Around five thousand babies a year in the UK suffer from a virus called Human Cytomegalovirus or HCMV. This is the most common cause of a condition called congenital malformation, which can result in problems such as hearing loss. HCMV can be treated with antiviral medication and/or surgery if discovered early. However, more than 50% of infected new-born babies show no symptoms at birth. A solution would be to check all new-borns for the virus. However, currently, diagnosis is performed by a lab method called qPCR, which is expensive and time-consuming. We developed a nano biosensor, a sensing device made of nano materials. Nano materials are those using the smallest particles, individual atoms and molecules. To give some scale, one nanometre is one billionth of a metre.
This device is low-cost, easy-to-use and can detect HCMV in urine or saliva samples. The new device aims to help diagnose babies quickly and early on. It would significantly reduce the cost of routine diagnosis while enabling the screening of new-born babies. Along with the healthcare benefits, it could greatly benefit society by reducing the number of patients who might develop disabilities.
What questions did you ask visitors to the People’s Research Café about your project?
The questions I asked visitors are as follows:
- What do you think about having new-born babies screened with this new biosensor device within 21 days of birth?
- Where would you think it would be best for the screening to occur? At a hospital or community care centre during a midwife/health visitor’s visit or elsewhere
- Do you think you or other people would be able to take samples of urine or saliva yourself/themselves (saliva sample will be taken using a cotton bud in a baby’s mouth and then into a pot; urine sample can be collected from nappies)?
What did visitors tell you?
All visitors believe the new-born screening is necessary. Some visitors (parents of new-born babies) mentioned they’d like to pay for the screening privately, if they are well informed and if the test will be available.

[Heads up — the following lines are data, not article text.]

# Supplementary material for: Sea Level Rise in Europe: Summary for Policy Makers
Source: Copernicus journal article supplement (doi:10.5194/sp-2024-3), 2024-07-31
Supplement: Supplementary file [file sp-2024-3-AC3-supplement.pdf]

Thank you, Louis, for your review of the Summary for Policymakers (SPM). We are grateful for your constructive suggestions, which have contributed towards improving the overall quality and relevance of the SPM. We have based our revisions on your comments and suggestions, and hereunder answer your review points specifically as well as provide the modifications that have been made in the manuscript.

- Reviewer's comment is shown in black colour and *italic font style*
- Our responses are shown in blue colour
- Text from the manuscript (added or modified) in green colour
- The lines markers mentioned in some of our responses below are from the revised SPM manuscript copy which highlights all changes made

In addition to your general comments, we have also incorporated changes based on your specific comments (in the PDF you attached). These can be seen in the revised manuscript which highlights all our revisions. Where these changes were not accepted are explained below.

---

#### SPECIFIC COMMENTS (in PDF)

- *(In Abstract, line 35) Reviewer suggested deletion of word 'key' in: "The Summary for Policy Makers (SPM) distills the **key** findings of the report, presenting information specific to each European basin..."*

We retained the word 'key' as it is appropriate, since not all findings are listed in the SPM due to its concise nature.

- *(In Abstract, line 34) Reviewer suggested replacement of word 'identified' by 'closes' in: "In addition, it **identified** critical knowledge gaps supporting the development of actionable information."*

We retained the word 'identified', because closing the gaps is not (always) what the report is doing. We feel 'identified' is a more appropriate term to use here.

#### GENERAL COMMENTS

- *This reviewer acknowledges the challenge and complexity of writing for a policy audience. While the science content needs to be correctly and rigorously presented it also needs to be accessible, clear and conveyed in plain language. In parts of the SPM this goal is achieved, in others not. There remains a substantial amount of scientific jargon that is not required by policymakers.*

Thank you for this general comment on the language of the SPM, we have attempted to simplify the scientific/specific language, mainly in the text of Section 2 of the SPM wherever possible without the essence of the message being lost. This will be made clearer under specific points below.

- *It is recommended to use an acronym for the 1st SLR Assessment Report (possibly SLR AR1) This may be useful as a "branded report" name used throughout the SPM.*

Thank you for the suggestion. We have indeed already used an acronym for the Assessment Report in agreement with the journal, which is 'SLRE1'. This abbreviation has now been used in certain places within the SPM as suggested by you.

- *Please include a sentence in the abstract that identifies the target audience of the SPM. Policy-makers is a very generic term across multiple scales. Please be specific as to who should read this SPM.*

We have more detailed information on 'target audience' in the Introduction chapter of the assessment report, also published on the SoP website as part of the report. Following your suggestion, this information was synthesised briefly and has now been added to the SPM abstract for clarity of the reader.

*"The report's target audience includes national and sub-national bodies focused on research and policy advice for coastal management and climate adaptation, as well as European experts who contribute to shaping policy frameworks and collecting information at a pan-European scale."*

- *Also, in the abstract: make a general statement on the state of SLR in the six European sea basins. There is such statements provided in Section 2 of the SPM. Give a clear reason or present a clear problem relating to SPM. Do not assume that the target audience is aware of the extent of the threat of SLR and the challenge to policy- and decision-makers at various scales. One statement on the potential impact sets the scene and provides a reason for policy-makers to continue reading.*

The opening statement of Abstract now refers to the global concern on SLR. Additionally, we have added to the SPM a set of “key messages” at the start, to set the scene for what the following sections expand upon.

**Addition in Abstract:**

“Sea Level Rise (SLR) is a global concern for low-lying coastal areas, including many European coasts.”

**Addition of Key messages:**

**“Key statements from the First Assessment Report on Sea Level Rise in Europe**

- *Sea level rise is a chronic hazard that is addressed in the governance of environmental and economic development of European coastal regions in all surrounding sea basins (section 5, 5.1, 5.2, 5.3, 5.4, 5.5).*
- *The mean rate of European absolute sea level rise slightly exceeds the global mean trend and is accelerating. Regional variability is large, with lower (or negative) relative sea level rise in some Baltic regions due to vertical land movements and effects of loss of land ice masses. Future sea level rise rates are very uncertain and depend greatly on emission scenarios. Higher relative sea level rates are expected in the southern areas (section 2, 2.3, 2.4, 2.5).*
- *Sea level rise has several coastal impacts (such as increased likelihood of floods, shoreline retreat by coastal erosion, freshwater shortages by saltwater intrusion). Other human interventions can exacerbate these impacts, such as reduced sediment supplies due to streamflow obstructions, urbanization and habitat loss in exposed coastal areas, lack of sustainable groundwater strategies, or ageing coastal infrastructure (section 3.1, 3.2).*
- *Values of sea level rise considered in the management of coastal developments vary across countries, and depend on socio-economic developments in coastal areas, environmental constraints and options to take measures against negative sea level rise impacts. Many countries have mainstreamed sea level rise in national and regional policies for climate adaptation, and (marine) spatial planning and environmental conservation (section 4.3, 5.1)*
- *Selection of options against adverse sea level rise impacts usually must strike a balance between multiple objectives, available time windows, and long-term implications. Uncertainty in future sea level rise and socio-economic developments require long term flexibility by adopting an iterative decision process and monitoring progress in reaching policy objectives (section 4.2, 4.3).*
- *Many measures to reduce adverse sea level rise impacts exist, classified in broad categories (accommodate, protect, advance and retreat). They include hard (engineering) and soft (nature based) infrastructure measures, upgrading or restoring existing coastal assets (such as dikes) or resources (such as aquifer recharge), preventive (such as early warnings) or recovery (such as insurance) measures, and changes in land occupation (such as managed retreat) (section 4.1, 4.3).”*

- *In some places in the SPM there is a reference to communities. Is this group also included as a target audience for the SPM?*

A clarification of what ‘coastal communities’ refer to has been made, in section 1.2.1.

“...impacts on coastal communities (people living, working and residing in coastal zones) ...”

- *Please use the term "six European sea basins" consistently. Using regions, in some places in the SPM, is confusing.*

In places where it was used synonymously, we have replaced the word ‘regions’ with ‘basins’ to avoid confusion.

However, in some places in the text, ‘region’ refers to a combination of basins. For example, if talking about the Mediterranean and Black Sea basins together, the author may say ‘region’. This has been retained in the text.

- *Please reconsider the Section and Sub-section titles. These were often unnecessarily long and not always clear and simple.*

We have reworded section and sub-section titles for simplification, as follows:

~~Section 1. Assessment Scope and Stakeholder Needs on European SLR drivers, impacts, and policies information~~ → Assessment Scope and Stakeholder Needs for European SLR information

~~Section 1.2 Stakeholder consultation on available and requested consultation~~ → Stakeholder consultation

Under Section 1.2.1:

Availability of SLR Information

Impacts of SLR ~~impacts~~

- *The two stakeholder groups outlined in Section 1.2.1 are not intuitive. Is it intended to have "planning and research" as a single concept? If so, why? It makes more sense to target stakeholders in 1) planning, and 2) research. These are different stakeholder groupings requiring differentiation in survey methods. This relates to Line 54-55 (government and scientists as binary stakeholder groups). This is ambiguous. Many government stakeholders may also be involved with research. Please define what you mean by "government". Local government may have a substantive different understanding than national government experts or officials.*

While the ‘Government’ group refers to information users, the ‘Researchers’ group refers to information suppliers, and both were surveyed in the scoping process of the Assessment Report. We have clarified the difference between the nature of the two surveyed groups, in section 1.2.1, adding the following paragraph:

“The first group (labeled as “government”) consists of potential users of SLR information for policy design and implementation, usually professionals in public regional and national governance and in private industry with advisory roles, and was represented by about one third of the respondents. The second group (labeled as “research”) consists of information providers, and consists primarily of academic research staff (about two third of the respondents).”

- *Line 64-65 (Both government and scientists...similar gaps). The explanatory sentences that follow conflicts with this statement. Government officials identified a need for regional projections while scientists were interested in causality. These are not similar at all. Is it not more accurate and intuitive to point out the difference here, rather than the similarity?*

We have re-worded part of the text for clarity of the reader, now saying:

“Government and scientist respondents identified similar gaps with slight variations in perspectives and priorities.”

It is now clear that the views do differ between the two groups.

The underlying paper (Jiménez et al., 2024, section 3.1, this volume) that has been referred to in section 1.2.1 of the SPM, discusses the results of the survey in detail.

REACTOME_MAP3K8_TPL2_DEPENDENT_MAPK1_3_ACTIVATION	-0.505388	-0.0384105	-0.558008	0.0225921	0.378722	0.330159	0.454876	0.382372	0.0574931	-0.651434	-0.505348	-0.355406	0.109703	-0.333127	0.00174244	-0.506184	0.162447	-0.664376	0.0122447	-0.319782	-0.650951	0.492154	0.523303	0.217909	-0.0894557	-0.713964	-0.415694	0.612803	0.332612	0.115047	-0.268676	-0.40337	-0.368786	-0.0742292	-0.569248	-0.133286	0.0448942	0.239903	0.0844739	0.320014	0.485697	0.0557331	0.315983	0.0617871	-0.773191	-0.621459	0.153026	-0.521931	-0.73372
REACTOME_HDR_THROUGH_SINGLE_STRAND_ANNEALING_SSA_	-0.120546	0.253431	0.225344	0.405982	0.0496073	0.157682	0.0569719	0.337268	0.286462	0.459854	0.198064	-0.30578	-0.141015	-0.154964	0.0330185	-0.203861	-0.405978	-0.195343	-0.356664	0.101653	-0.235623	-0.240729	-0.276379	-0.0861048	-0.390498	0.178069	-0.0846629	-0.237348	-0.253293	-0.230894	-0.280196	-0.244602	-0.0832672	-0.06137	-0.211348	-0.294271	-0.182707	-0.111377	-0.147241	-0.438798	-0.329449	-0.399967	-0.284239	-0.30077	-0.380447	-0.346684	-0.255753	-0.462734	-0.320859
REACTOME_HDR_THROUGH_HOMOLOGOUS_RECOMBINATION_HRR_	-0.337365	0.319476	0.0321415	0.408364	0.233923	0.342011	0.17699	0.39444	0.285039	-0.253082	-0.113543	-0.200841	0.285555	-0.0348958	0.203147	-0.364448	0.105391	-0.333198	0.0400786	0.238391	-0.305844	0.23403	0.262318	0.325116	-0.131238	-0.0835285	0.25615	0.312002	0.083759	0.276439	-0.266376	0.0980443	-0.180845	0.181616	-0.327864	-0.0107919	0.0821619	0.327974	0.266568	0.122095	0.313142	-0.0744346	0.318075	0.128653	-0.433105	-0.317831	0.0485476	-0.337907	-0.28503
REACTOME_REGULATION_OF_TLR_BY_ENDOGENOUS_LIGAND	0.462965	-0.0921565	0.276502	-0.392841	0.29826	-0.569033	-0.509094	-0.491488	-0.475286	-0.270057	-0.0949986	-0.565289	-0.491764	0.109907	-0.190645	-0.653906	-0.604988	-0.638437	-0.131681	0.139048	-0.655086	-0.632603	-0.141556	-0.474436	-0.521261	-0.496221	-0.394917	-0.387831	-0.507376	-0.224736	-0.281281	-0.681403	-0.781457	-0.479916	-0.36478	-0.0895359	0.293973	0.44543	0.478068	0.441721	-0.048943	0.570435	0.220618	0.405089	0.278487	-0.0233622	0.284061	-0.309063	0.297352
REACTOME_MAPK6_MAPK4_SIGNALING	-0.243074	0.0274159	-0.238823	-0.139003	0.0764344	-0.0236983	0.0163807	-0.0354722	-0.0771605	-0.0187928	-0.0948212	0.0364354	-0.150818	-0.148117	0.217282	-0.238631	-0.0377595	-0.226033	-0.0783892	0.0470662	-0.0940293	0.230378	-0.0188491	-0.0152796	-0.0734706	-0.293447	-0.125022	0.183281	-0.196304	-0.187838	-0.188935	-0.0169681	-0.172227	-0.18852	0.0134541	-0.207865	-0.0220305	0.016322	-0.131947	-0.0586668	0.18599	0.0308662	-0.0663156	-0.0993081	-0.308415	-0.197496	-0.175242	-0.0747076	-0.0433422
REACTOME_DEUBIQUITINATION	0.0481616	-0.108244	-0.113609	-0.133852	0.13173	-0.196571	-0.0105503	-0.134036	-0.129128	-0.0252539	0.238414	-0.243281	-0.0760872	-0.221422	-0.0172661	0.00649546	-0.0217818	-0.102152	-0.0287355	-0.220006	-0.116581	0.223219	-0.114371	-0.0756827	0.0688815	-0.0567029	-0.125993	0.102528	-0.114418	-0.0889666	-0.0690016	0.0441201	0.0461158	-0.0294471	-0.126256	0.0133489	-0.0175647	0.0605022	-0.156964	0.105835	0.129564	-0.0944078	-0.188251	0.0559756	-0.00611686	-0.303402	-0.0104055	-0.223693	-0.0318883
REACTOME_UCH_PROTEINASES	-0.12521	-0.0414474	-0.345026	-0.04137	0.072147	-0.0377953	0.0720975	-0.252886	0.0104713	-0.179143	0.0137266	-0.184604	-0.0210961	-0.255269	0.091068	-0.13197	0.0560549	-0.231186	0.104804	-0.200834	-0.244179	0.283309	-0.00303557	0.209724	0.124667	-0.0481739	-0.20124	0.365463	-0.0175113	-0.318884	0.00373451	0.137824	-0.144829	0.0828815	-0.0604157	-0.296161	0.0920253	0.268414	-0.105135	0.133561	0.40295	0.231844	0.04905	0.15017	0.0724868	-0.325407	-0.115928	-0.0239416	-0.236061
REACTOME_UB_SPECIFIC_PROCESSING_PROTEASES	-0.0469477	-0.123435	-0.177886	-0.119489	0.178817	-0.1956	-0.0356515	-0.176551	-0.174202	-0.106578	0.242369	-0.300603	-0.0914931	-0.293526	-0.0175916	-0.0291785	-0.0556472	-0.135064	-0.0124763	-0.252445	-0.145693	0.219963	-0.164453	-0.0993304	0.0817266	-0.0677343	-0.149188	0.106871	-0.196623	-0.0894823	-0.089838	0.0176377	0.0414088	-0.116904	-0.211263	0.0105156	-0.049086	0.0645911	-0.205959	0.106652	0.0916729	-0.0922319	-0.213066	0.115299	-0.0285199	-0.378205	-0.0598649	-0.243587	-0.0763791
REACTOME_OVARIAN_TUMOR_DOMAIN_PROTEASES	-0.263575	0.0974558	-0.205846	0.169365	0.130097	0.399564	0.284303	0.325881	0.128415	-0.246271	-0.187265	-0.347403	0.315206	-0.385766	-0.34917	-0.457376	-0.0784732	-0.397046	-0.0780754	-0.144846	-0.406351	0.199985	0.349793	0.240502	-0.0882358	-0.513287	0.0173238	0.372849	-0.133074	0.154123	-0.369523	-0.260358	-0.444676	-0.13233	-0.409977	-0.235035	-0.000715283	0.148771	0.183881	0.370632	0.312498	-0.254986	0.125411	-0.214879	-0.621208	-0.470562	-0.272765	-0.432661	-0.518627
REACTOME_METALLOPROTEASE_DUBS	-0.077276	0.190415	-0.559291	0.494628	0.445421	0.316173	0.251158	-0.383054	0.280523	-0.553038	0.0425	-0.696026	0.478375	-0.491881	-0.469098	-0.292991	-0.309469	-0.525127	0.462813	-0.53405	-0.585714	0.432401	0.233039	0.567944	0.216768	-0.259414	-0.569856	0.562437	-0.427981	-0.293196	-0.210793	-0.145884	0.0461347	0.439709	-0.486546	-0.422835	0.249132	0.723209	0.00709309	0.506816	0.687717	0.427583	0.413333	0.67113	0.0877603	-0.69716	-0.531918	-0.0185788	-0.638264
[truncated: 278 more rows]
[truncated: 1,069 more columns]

Visitors think the screening could be combined with the other tests needed to be done for new-borns within 21 days. Community settings could be good since mothers are usually discharged from maternity wards fairly quickly.
Opposite to what researchers believed, almost all visitors mentioned they would not be able to take samples by themselves. Parents are very tired immediately after babies are born and said they would not be able to have the mental capacity to perform the test themselves.
One visitor whose wife is a midwife said it would be necessary to consult with midwives to understand their acceptance to “another innovative test” as they are currently overloaded.
How will what visitors told you impact and/or change your project?
The visitors provided confirmation that this technology is of interest.
We would recommend the test to be done by healthcare professionals rather than parents doing by themselves.
We will involve midwives who are important stakeholders in delivering the service
What was your personal experience of taking part in the People’s Research Café?
I would highly recommend it to all researchers. It’s great to hear what the public says. It’s surprising to me how much interest in healthcare there is from the public. Most of the visitors were actually very “sciencey” and curious of new research. I would strongly recommend clinical leads attending this event because there were some very technical questions that I was not able to answer as I am not involved in the whole project.